Small Slope Mentorship
Mentorship is an interesting privilege in life and career. If engaged at the right phase, it can do wonders in contributing to your growth, and can then even provide you the necessary solace in your moments of despair.
Good mentorship can help you handle your highs and lows very well.
I say that mentorship is a privilege because when you have it, it almost feels like an unfair advantage. It’s not though and it is possible to seek out a good mentor by looking the right way.
I have a theory for who makes a good mentor in today’s fast-paced professional and personal lives we live. Let’s dive in.
Mentorship versus coaching
Mentorship is not a temporary assignment.
- Mentorship: Long term, perspective-driven, non-transactional
- Coaching: Short term, tactical and goal-based, transactional
Mentorship is a relationship. The more you invest in it, the more you can get out of it.
So how do you seek mentorship?
The small slope
My theory for finding a great mentor is to look for the person who is 4-5 years ahead of you professionally. Not 10-15 years, but 4-5 years.
A small slope mentor: Someone just ahead of you professionally who possesses an advanced perspective and a set of experiences you can learn from and apply readily.
Here are 4 reasons why this window is the ideal cohort to seek a mentor from:
The small slope cohort is relatively accessible to you and you don’t have to wait till you have a big enough network.
You want someone who has recently lived through the phase you are in right now for the learnings & experiences to be fresh in their mind.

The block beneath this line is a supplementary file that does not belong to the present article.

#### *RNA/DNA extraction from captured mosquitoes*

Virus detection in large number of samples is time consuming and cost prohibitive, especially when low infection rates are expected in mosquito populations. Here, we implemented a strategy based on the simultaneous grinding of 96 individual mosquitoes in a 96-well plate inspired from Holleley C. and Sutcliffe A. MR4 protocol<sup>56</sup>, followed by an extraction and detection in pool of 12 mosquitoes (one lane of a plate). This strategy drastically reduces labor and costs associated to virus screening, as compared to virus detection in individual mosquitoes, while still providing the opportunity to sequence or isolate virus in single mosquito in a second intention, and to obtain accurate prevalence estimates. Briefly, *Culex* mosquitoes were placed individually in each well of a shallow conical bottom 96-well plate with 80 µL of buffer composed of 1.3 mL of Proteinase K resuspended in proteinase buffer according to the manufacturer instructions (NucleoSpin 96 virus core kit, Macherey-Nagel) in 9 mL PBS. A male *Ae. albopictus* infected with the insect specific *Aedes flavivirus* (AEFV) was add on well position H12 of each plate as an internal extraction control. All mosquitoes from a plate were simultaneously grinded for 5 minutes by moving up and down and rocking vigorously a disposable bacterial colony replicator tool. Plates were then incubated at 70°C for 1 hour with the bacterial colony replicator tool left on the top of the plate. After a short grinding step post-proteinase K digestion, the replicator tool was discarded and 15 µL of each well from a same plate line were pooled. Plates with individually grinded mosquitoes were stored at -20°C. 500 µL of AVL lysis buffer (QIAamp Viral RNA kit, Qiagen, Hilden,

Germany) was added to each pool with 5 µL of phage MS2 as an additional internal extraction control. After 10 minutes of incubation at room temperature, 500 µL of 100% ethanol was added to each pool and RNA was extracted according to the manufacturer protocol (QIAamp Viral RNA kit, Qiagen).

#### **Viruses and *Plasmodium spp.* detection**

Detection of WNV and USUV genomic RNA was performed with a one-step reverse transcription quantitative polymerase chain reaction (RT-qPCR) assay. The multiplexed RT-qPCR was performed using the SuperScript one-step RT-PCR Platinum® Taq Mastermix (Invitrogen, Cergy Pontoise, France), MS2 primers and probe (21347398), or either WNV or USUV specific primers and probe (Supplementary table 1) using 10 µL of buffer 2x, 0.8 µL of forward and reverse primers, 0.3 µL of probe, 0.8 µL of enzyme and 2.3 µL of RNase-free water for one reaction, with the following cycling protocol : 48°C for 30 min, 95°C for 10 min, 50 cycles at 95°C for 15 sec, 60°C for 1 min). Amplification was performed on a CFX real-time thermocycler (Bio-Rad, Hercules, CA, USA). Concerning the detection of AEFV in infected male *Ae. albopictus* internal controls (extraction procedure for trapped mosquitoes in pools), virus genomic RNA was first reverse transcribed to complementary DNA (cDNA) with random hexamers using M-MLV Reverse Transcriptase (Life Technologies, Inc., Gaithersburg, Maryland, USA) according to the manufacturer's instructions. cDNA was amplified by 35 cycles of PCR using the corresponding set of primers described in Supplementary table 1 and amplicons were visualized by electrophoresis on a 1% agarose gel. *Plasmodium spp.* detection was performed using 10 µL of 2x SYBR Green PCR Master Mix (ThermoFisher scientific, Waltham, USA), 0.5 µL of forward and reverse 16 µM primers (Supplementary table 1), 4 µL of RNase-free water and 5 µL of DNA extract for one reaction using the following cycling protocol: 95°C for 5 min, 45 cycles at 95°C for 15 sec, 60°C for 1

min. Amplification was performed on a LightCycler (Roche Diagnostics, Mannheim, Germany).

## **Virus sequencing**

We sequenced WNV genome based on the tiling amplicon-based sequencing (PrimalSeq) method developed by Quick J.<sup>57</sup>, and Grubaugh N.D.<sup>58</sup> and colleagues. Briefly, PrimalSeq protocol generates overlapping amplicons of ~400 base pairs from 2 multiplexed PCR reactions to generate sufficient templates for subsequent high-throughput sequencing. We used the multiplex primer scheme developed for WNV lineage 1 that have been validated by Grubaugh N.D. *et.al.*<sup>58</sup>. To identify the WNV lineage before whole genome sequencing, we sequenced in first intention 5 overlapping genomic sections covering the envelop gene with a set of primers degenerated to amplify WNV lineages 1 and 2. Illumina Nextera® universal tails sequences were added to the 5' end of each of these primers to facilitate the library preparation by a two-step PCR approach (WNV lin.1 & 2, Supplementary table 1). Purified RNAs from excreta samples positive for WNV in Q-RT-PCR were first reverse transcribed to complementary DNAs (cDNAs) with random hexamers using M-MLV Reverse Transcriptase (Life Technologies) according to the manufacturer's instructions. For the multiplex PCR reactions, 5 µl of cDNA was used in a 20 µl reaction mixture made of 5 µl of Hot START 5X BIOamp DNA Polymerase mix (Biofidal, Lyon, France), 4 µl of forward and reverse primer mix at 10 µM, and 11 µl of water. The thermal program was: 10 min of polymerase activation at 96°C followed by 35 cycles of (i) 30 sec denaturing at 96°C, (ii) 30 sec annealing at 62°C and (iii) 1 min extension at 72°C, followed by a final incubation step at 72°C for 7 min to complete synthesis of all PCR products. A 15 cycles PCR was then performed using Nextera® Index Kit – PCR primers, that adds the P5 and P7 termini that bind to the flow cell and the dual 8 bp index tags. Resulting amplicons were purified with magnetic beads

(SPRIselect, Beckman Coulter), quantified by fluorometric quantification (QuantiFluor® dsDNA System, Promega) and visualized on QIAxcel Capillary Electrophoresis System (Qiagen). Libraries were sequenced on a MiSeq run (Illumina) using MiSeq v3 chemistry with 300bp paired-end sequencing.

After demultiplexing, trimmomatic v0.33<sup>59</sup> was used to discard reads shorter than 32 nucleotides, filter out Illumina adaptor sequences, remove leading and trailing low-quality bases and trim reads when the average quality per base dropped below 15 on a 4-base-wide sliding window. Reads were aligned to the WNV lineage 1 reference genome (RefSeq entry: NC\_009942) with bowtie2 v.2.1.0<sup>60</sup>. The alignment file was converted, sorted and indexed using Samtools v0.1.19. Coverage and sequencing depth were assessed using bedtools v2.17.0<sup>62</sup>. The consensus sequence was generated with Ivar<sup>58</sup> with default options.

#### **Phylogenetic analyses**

The small slope ensures the age/experience delta between you and them is close enough to be relevant and yet significant enough to be meaningful, mature and perspective-broadening.
The small slope ensures that the mentor is also actively working and stands to gain from your observations and insights, compared to someone older who may be towards the sunset of their career or retired – this point explains why good mentorship lasts years because both involved parties are gaining along that small slope.
Does this mean the people further from you in the slope are irrelevant? Certainly not.
Rule of thumb
For great timeless advice that is generic and widely applicable, you look to old experienced wisdom.
For advice that is very contextual, evolving and relevant in the moment, you look to a small slope mentor.
💎 How to look for a mentor
Instead of searching for a mentor, identify one.
There’s a subtle difference in searching vs identifying – chances are that you’re already ‘being mentored’ by people around you, you just haven’t been able to discern this mentorship.
Here’s a non-exhaustive list of traits these mentors exhibit that can help you identify them.
Watch out for:
- Someone who’s not on your same career ladder (maybe a PM or an engineer if you’re a designer) who always gives you an outside perspective that changes the way you think about and do your job
- Someone who appreciates your way of thinking and analysing situations, and often learns from you and appreciates you for it
- Someone who forces you to think but doesn’t give you an answer, someone who chooses discussion over decision
- Someone who forces you to think objectively and reflect internally instead of looking for externalities to blame
- Someone who encourages conflicting thoughts, points of views and doesn’t judge you for holding a different opinion
- Someone who doesn’t need an incentive to help you
- Someone who not only has interesting outlook about work but also about family, travel, food and just life in general
We all have people around us who tick a few points off from this list – if you do, keep an eye on their impact on you and your work and keep them close.
Finally, I hope this explains why it’s hard to time-bind mentorship into a formal program. It’s a request I often get but one that is almost impossible to fulfil in that format.
The success of mentorship is predicated on the involved parties investing time in each other. When they do, the bond only grows stronger and deeper over time and you go on to appreciate their peripheral presence in your life and career. Their impact then is immeasurable.